We still get asked this question all the time. Once we have helped a customer build their application or website, they want our advice on where they should they put it. It’s a great question, because the “right” answer has changed over time as project requirements and hosting technologies have changed. And even today the answer can be different depending on your individual business needs and the industry that you are in. So, let’s start with a brief overview of the differences between the four broad categories of application and website hosting and then drill down to discover what our go-to recommendation is for most businesses today.
In conventional website and application hosting, the hosting company owns all of the equipment and network and is responsible for providing all power and connectivity. Customers rent servers or fractions of server resources in pre-defined plans. This type of hosting was the first – starting nearly forty years ago at the birth of the World Wide Web.
A shared hosting plan at a conventional hosting company is still the most utilized form of hosting – largely due to price-point. But it has some significant downsides. In shared hosting plans your website and application will be intermingled with dozens – even hundreds – of other sites and apps with little or no technological isolation from all the others. And shared hosting customers have no control over how the resources in their shared account are applied or the quality of the sites and apps they’ll be sharing space with. If one of those other sites has security vulnerabilities or sloppy code that impacts server performance, every site on that shared server will likely be impacted – stability, uptime, security, disaster recovery, performance, and user experience can all be called into question.
Yes, shared hosting is cheap – but that’s it’s only selling point. Due to the risks, these days it’s largely used for only legacy sites and smaller businesses with brochure-type websites that aren’t mission-critical. If your website is a contributor to your business success, we strongly recommend other solutions.
Dedicated Server Hosting
Conventional hosting companies may also offer dedicated servers. Generally speaking, dedicated servers are delivered as either managed or unmanaged and as either virtual or physical.
An unmanaged dedicated server in one where the customer is provided full access to the server and is responsible for all installations, upgrades, and maintenance of the server-side systems in addition to the applications, databases, and software running on it. A managed server usually includes the management of server-side items as a part of the service.
Physical dedicated servers are actual, fully-isolated hardware devices connected to a hosting network. Virtual dedicated servers are physical servers that have specialized software installed that creates virtualized containers. These container isolate segments of system resources from each other – allowing a hosting company to partition a single physical device into several smaller units for different customers. Said another way, virtual servers are like a downtown row house being sub-divided into a triplex – one physical structure is subdivided to house three different renters.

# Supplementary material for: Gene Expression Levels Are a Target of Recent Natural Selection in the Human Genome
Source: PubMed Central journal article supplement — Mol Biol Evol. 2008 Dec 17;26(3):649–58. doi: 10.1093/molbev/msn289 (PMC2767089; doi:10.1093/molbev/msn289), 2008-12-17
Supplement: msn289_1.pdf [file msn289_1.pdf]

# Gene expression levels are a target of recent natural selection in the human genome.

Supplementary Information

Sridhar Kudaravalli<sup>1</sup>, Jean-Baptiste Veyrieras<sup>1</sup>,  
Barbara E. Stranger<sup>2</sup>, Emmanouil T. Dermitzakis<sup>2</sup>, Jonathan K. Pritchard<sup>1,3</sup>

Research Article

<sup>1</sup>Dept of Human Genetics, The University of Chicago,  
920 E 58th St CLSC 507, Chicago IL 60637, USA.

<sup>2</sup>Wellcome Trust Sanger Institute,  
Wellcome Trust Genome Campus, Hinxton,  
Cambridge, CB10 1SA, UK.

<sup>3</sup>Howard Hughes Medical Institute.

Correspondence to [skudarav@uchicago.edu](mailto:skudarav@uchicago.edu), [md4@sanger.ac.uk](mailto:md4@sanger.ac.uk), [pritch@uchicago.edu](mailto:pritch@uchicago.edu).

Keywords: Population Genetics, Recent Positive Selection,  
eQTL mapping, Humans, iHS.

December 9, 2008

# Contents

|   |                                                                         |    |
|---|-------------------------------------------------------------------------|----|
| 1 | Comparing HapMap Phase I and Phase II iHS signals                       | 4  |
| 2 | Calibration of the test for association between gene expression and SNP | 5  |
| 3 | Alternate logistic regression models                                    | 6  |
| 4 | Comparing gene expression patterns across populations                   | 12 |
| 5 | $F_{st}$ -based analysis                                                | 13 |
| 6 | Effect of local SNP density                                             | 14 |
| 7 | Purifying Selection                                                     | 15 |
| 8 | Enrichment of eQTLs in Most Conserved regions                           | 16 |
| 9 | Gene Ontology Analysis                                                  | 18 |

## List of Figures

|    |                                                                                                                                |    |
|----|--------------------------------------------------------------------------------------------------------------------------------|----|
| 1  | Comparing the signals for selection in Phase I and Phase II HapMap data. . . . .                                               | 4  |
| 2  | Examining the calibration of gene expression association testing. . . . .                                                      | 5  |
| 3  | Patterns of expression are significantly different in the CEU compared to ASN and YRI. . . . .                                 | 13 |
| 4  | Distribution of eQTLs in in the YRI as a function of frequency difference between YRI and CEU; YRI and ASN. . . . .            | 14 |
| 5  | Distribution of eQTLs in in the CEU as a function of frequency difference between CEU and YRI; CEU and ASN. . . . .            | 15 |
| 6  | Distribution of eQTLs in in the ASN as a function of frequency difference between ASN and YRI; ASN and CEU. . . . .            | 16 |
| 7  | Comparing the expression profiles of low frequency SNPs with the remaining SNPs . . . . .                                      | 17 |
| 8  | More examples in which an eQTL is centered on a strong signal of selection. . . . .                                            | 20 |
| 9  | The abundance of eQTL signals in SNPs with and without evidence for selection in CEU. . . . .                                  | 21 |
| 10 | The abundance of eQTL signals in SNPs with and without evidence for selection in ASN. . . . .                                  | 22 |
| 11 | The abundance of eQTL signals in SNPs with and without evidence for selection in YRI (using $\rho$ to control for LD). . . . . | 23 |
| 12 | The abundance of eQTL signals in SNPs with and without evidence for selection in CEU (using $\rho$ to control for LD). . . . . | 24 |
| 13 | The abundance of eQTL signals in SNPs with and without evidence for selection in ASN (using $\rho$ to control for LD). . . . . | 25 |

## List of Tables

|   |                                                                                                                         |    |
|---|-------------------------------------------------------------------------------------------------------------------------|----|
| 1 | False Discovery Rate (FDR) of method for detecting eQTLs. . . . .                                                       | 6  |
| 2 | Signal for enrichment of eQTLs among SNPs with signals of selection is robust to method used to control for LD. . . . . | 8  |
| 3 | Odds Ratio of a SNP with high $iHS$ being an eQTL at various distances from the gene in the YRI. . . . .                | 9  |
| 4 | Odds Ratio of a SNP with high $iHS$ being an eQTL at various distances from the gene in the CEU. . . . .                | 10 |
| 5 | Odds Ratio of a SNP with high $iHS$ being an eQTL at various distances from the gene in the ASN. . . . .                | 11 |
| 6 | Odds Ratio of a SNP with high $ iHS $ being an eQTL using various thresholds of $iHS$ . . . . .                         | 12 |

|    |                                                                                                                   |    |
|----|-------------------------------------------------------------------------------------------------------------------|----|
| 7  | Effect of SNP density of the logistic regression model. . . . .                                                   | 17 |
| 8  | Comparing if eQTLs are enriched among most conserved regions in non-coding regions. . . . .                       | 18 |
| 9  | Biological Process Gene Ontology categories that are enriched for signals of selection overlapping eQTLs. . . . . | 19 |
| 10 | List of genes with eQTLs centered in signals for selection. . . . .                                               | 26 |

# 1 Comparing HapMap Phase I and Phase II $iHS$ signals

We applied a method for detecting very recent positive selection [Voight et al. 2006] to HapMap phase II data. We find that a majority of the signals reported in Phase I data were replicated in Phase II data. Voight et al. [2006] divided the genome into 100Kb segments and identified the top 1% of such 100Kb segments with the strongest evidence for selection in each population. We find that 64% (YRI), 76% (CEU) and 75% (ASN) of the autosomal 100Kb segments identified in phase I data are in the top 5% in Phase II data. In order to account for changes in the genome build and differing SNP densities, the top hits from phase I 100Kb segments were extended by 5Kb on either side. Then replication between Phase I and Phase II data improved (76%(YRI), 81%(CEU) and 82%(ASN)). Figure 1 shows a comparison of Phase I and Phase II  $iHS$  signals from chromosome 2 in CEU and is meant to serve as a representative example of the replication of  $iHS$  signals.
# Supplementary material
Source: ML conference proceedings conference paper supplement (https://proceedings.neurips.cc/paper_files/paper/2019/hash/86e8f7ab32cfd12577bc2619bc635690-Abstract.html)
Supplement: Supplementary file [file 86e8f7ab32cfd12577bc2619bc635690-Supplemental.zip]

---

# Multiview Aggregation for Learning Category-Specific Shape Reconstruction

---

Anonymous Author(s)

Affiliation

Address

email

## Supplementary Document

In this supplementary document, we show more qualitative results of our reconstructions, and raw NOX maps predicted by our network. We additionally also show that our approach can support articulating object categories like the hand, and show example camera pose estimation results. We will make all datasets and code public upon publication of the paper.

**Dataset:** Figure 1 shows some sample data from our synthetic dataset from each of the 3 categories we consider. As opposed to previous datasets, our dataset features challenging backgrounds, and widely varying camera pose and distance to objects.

Dedicated servers are – by definition – more rigid and not as cost or resource efficient as public clouds. Customers must anticipate peak loads and contract for resources in advance, paying for them even during times when they are not necessary. This less-efficient allocation makes them often have a higher total cost and higher cost per computing unit than the more efficient public clouds. For these reasons and more, a majority of websites and applications that might have been placed in more expensive dedicated servers in the past are now migrating to public clouds (see below).
Self-hosting is just what it sounds like – you own and control all aspects of the physical location and the servers used to support and deliver your websites and apps. All of the infrastructure in your datacenter is purchased and maintained by you and you have arranged for redundant connectivity, power, and physical security, etc. You have also provided and configured all the hardware and cabling. It’s quite an undertaking and involves large capital expenditures, so most businesses that opted for private datacenter spaces in the past have shifted away from this model.
There are still some edge use cases where it can make sense stand up your own private datacenter, but it’s just not practical in most cases. That said, we still provide the service of architecting and specifying infrastructure for solutions being installed in private datacenters as needed.
Colocation is a hybrid model between conventional hosting and a private datacenter. In colocation, a public hosting company or datacenter provides and maintains all of the foundational infrastructure – buildings, power, physical security, and the primary network delivering raw connectivity. Business customers then lease space in the form of equipment racks or dedicated areas – often referred to as “cages” – that house multiple racks. These customers install and maintain their own equipment and local networking gear under the terms of their agreement with the datacenter. Power and bandwidth are usually invoiced based upon a metered billing schedule.
Colocation hosting is an important solution for some businesses, especially those using highly specialized computer equipment. A few examples spring immediately to mind. One of those is the financial services industry that needs the physical security, power, and connectivity but has large technical teams and capital expenditure budgets to pay for specialized hardware.